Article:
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How well do you suffer? I am God’s adopted child, but I’m not good at it. I’m sure you also need to grow in this area.

As God’s adopted children, we suffer for a variety of reasons. First, because of Adam’s sin, we face suffering in a fallen world. God’s providential poundings are meant to drive us to repentance toward God and faith in Jesus Christ (Rom. 2:1–5; 8:18–39). Second, we often suffer as the result of our sinful thoughts, desires, words, and actions (1 Peter 4:12–19). Sin always has results. Yet, God’s mercy and grace call us back to the Good Shepherd (2:18–25; 1 John 1:5–2:2). Last, we also suffer as a target of the world and the devil because we are united to Christ.

When we suffer, whatever the cause, we hurt. Like a punch to the stomach, suffering seems to cause all the wind of the Holy Spirit to gush out. We struggle to catch our breath. What do we need? We need the God of all comfort to hold and comfort us as the Spirit rejuvenates us. God’s comfort soothes sorrow and distress. It also strengthens us and leads us to repentance if needed.

The Old Testament lays a foundation for our comfort. While Solomon says the oppressed have no defender and the wicked seem to have the power, this vanity is not the final word. For the Shepherd cares for God’s children (Pss. 23; 50; 52; 65; 70; 82; 119). God’s Word comforts. The prophets say God will comfort His people after their discipline in the exile (Isa. 12:1; 22:4; 51:3, 19; Zech 1:17). The good news is that God comforts His own (Isa. 40:1–5). Jesus fulfills these promises (61:1–4), as He declared in His sermon in the synagogue in Nazareth (Luke 4:16–21). God’s comfort is complete in Jesus the Good Shepherd (John 10:1–21).

This comfort is crystal clear in the New Testament. You will find comfort throughout the New Testament, but for now focus on Paul’s words in 2 Corinthians 1. God’s comfort is a major theme in the whole epistle. Paul suffered more than you and I combined, yet God comforted him (2 Cor. 4:7–12; 6:3–10; 11:16-–12:10). Read 2 Corinthians 1:3–11. Paul blesses God; he focuses on two of His characteristics. First, God is the Father of mercies. Our heavenly Father is tender-hearted, not hard-hearted. He showers us with mercies even in the midst of the suffering and pain. This is better than His wonderful self-description to Moses on Sinai (Ex. 34). He gives bread, fish, and eggs—yes, even the Spirit—not stones, snakes, and scorpions (Matt. 7:7–11; Luke 11:9–11).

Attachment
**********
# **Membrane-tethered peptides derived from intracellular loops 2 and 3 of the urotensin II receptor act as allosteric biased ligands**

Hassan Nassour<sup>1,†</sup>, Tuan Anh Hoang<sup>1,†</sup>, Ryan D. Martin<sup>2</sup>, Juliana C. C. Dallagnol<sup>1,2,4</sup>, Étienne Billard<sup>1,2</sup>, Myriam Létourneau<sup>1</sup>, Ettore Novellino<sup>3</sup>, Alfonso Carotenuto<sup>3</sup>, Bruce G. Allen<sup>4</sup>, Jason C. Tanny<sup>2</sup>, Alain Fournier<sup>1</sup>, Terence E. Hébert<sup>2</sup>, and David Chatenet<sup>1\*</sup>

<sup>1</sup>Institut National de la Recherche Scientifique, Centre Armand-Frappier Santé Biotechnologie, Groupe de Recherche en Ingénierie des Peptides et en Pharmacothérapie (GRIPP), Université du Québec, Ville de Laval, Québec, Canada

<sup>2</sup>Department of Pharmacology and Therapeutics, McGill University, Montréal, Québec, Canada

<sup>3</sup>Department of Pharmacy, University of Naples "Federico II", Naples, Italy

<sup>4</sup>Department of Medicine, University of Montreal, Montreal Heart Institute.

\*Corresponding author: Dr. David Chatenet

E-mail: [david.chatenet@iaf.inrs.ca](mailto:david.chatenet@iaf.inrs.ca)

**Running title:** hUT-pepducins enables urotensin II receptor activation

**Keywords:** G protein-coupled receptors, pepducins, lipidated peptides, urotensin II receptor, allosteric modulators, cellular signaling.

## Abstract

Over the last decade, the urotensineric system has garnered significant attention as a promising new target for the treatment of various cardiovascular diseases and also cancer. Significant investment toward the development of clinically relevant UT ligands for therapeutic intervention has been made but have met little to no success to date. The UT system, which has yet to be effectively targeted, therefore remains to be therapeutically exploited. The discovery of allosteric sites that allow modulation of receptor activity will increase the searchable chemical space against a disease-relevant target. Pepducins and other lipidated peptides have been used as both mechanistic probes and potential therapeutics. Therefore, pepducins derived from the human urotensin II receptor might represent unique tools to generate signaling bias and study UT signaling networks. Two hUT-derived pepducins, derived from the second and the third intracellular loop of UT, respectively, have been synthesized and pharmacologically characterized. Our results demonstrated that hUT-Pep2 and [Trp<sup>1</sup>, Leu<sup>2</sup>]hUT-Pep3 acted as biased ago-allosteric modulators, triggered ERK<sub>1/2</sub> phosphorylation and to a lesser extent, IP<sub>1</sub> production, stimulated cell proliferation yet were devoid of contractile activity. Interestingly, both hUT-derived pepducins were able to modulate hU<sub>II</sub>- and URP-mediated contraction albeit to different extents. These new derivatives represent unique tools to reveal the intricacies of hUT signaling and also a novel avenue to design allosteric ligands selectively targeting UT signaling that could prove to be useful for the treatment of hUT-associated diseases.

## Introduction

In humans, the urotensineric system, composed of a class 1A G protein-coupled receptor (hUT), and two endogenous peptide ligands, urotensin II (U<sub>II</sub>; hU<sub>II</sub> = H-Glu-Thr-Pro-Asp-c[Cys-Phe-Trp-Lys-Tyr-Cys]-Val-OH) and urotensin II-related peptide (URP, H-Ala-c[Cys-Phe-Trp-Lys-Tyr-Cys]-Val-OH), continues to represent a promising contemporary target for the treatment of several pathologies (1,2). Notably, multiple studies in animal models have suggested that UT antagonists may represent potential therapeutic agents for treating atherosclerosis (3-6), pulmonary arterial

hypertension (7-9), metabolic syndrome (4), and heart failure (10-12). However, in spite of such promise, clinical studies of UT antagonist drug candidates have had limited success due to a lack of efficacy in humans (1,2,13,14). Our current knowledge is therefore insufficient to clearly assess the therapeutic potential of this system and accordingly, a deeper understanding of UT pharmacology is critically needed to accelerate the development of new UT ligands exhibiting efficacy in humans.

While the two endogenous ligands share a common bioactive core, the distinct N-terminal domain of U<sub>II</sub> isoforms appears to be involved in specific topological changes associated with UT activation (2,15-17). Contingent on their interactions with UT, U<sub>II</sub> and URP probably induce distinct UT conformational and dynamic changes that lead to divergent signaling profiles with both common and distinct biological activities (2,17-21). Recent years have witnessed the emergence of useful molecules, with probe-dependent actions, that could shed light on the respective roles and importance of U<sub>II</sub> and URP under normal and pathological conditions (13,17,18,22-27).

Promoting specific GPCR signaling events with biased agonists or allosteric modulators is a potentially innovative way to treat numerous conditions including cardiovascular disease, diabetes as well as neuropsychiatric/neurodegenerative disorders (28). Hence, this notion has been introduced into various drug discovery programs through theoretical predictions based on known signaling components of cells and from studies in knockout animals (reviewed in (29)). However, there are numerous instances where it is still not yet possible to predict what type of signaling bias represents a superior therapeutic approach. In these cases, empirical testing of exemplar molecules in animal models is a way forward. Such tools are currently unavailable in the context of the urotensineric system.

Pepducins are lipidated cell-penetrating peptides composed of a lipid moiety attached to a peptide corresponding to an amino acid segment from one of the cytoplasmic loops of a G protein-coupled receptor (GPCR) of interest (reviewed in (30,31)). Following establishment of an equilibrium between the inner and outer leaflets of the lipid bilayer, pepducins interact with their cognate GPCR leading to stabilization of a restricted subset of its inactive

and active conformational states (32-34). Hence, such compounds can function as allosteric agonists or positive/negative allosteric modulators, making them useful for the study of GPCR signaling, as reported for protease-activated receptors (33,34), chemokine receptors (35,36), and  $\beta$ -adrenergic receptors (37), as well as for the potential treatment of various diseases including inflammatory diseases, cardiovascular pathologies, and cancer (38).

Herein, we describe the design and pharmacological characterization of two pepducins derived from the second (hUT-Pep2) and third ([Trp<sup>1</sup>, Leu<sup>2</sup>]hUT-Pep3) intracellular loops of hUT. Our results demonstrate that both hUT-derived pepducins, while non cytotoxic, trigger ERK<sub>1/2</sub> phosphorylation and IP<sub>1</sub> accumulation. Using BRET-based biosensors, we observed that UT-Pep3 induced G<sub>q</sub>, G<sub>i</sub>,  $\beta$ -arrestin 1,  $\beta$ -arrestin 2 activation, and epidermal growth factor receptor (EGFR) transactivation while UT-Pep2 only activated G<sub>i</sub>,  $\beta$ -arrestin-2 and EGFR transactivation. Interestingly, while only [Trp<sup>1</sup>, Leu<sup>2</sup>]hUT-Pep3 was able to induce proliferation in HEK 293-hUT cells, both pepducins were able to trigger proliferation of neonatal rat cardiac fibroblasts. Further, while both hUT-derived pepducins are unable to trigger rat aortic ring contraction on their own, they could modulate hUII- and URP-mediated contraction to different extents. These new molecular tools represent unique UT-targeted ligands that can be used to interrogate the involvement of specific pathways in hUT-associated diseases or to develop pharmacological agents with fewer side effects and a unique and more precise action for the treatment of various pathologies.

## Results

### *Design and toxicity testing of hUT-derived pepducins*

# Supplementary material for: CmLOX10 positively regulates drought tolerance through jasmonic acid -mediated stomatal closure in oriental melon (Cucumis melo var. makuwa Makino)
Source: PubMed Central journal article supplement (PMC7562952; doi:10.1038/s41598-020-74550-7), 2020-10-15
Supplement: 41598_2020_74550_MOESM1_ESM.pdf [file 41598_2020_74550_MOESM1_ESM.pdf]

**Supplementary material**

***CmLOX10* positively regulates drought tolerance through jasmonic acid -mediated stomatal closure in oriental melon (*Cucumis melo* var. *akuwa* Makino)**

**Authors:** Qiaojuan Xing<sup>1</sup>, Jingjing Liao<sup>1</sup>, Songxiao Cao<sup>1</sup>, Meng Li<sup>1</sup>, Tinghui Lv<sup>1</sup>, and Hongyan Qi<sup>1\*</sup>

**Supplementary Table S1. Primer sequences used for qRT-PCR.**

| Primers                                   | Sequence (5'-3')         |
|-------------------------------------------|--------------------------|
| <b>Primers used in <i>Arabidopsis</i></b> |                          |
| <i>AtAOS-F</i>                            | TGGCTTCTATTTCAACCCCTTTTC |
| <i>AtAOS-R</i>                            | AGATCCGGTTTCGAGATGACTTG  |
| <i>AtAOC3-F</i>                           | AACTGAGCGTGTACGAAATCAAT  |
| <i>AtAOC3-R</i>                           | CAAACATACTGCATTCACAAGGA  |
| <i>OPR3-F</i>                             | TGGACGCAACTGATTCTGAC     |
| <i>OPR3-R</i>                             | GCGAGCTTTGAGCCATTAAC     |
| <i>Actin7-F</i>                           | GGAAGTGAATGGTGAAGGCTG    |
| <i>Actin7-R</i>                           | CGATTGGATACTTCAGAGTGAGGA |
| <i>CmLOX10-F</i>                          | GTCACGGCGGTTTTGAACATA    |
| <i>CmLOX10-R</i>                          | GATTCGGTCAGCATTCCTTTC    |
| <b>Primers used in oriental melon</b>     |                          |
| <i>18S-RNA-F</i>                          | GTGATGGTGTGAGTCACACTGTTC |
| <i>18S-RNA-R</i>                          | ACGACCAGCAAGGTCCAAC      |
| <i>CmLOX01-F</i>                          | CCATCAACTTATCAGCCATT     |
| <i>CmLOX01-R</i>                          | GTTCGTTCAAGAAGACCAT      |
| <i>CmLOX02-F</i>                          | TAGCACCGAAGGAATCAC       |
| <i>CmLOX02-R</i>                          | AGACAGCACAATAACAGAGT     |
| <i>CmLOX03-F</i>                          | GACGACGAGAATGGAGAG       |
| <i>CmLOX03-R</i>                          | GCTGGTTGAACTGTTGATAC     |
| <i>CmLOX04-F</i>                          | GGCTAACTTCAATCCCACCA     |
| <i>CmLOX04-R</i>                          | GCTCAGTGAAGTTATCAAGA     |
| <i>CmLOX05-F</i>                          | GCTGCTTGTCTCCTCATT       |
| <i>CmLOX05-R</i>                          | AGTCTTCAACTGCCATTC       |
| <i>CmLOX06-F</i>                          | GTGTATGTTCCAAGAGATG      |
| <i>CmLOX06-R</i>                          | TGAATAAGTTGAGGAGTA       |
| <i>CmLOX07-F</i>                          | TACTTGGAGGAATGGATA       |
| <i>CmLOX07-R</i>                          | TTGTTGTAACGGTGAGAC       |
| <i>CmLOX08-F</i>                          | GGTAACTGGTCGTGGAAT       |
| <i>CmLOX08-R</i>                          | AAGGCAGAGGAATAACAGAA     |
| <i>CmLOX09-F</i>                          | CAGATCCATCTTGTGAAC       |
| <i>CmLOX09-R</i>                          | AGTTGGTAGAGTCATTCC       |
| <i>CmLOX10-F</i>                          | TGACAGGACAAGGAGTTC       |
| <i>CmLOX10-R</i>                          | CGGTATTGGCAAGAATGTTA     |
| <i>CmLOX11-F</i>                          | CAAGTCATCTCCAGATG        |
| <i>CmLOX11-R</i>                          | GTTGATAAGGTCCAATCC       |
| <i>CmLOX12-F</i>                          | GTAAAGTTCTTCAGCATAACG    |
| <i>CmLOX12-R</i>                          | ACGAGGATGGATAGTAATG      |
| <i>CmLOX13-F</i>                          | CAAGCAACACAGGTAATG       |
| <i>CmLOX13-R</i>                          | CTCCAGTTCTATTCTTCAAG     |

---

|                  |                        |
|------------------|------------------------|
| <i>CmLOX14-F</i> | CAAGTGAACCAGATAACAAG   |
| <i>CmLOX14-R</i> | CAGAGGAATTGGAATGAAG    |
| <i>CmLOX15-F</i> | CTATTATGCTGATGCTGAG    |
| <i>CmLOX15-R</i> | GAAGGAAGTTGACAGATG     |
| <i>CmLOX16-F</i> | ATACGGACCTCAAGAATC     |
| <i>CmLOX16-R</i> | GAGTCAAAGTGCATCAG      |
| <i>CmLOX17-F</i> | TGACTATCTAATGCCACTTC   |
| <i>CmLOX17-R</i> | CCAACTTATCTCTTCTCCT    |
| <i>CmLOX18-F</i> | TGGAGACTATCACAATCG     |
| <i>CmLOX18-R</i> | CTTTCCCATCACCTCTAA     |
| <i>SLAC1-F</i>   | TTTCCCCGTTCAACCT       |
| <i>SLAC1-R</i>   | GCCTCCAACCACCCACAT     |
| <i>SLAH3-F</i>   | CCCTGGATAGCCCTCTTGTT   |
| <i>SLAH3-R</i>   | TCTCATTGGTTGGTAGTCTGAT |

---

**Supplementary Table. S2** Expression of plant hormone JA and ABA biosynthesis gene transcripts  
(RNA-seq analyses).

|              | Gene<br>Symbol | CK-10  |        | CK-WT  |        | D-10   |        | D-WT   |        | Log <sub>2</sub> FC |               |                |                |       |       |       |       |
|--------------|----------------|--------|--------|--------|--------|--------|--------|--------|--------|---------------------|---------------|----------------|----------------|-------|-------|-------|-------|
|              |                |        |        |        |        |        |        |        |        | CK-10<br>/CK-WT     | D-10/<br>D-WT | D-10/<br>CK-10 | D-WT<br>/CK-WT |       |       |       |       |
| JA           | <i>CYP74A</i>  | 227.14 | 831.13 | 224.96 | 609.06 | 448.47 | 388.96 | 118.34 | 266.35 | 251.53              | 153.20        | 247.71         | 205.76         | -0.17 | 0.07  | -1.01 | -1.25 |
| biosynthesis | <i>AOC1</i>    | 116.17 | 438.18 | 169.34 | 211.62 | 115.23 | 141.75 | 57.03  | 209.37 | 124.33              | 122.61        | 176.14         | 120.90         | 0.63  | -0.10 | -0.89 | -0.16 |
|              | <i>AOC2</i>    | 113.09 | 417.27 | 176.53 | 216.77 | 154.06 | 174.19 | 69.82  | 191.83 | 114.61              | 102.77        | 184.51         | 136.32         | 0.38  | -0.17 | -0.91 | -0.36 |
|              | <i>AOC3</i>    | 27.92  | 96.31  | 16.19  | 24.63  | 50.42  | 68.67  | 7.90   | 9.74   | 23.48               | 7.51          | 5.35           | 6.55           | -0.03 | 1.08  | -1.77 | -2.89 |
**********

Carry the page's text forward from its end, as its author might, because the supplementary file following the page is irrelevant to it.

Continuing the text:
Jesus brings us to the Father, and the Father’s comfort is a chief blessing of the new covenant.

Second, He is the God of all comfort. He comforts us in all of our afflictions. He not only showers us with undeserved mercies but also pours out comfort on us for two purposes. One, He comforts us so that we can, in turn, comfort others with this same merciful comfort. This is loving our neighbor as ourselves.

The second purpose in the severe, unmanageable afflictions and providential poundings is to kill self-confidence and self-reliance and shift our confidence and reliance to the God of the resurrection. This is trusting God with everything within us in the valley of the shadow of death. These two purposes—comforting others with the Father’s comfort and trusting the supernatural power of the Father to get us through the afflictions—should help us catch our breath as the Spirit rejuvenates us.

Yes, when afflictions and hard providences hit, and when we feel the Spirit has left us, what do we need? We need to cling to the promises of our comforting Father as the Spirit gives us comfort (Acts 9:31). The Father is tender-hearted: what a comfort. We are welcome before the throne of grace.

One final observation: Paul wants us to imitate him insofar as he imitates Jesus (1 Cor. 11:1; 1 Thess. 1:6). Jesus is the Mediator of the new covenant. He is also the model of faithful new covenant service (1 Peter 2:18–24). Jesus applies the mercy and comfort of the Father through the poured-out Spirit. Jesus is our faithful and merciful High Priest (Heb. 2:14–18; see Westminster Larger Catechism 55). He, better than all others, can sympathize with us as He suffered, was tempted in the midst of those sufferings, and yet did not sin (Heb. 4:14–16). He learned through those sufferings (5:7–10). We need to look to Him as the pioneer and perfecter of the faith (12:1–11). He brings us to the Father (John 17), and the Father’s comfort is a chief blessing of the new covenant.

Dear friend and fellow sufferer: Let us not waste our sufferings. Let us suffer well. Let us suffer like Paul. Let us suffer like Jesus. Why? So we will depend not on ourselves but on the Father of mercies who raises the dead. Why? So we can comfort others with the same comfort we received from the Father. Let us pray that we will all learn to suffer well for His glory.

May we receive these benedictions:

The grace of the Lord Jesus Christ and the love of God and the fellowship of the Holy Spirit be with you all. (2 Cor. 13:14)

Now may our Lord Jesus Christ himself, and God our Father, who loved us and gave us eternal comfort and good hope through grace, comfort your hearts and establish them in every good work and word. (2 Thess. 2:16–17)


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Aug 2019 Issue